American cars have surpassed their European competitors for the first time in 25 years by proving to be more reliable.
According to the information released by Consumer Reports, car manufacturers in Detroit now produce better autos than their European colleagues, and Buick breaks down not as often as BMW.
Such European names as Mercedez-Benz, BMW, Volkswagen, Audi, Volvo, Mini, and Jaguar turn out to be not quite as reliable as often believed. The magazine contains one of the most dependable data, since it includes real opinions of customers, among which 675 000 individuals have sent their reports about their car malfunctions in the course of one year.
According to Consumer Reports, average number of breakages for new cars in 2003 equaled to 20 per 100 autos. Owners of America’s most traditional cars such as Buick, Saturn and Dodge declared 18 breakages per 100 cars. Japanese cars appear to be absolute leaders with only 12 breakages per 100 autos.
However, experts from CR recommend Ford Focus among American cars as far as specific models go. Statistically, this particular auto proved to be most reliable in 2003.
According to The Wall Street Journal, one of the most notable tendencies these days appears to be decreasing quality of European (especially German) most prestigious cars. It is really quite unusual to find such names as Volkswagen, Mercedez-Benz, Audi and BMW on the “black list” of unreliable autos.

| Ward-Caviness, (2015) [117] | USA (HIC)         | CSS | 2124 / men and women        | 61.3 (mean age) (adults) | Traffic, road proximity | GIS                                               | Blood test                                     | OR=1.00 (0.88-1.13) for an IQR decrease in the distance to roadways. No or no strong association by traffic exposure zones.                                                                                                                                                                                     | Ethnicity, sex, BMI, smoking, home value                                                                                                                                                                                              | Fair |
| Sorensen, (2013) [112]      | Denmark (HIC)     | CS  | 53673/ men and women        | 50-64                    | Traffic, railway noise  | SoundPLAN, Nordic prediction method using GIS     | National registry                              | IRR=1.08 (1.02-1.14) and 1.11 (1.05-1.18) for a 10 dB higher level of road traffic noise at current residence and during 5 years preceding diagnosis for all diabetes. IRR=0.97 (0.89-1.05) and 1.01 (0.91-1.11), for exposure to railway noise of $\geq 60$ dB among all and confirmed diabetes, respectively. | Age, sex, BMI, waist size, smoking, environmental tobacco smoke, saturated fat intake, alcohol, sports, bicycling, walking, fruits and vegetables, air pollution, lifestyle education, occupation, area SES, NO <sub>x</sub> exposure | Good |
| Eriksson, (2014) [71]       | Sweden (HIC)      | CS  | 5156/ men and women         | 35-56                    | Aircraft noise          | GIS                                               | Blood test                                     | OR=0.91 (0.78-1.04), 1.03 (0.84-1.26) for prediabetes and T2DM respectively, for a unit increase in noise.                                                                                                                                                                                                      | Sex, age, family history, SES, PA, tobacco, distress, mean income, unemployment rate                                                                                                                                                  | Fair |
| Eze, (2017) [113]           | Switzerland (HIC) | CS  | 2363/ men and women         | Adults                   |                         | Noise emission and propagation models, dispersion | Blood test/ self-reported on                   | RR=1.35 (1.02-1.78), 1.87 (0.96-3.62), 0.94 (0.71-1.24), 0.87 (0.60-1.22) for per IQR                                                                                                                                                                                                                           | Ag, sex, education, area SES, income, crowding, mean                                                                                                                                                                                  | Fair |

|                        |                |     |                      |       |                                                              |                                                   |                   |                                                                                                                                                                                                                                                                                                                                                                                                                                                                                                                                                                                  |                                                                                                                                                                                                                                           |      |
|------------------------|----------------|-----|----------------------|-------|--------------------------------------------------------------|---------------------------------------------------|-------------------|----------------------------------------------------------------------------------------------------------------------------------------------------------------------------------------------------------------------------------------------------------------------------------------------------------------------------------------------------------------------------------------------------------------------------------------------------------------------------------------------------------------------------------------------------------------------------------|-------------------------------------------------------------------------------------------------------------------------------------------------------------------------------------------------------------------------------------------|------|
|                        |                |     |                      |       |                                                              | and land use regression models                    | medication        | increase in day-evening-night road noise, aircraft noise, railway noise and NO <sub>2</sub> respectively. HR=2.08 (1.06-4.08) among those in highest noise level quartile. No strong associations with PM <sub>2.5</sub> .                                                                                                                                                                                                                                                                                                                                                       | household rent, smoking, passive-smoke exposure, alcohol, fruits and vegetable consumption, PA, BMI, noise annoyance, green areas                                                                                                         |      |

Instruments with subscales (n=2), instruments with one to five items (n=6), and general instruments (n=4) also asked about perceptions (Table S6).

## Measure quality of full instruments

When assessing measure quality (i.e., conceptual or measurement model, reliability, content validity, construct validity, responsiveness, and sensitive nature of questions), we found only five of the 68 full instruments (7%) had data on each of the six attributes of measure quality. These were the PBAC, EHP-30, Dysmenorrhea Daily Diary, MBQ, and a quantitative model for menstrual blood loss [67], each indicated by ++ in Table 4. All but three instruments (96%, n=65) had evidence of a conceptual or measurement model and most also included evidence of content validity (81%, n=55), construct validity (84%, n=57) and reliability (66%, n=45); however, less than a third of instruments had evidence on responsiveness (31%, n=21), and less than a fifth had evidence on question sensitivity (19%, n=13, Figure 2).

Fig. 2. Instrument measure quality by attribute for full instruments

CR’s director of car testing David Champion states that German manufacturers produce “very complex vehicles” with plenty of electronics that may cause various problems. At the same time, he notes that their main competitors such as Toyota (Lexus) and Nissan (Infinity) managed to avoid such problems, despite the fact that Japanese cars are equipped with just as much electronics.
In the end, BMW 7 series has been named the worse European car. According to Champion, owners of new BMW 7 series reported numerous problems. The number exceeds that of Lexus LS 400 (1996) owners. “Those who purchase these BMWs are always busy. Even a minor problem may cause major frustration,” stated he.
Champion assumes that with time, such problems with quality assurance will eventually lead to significant reduction of European car sales. In the beginning of 2004, BMW 7 series sales have reduced by 21%, Volkswagen—by 29%, Audi—by 18%. Mercedez-Benz however still stands firm.
Consumer Reports also notes that such quality improvement can definitely be regarded as the greatest achievement for American car manufacturers.
This year, European manufacturers already start promising to make some improvements, while Americans are lucky enough to make their success public. At the same time, Japanese brands such as Toyota and Nissan still remain the best.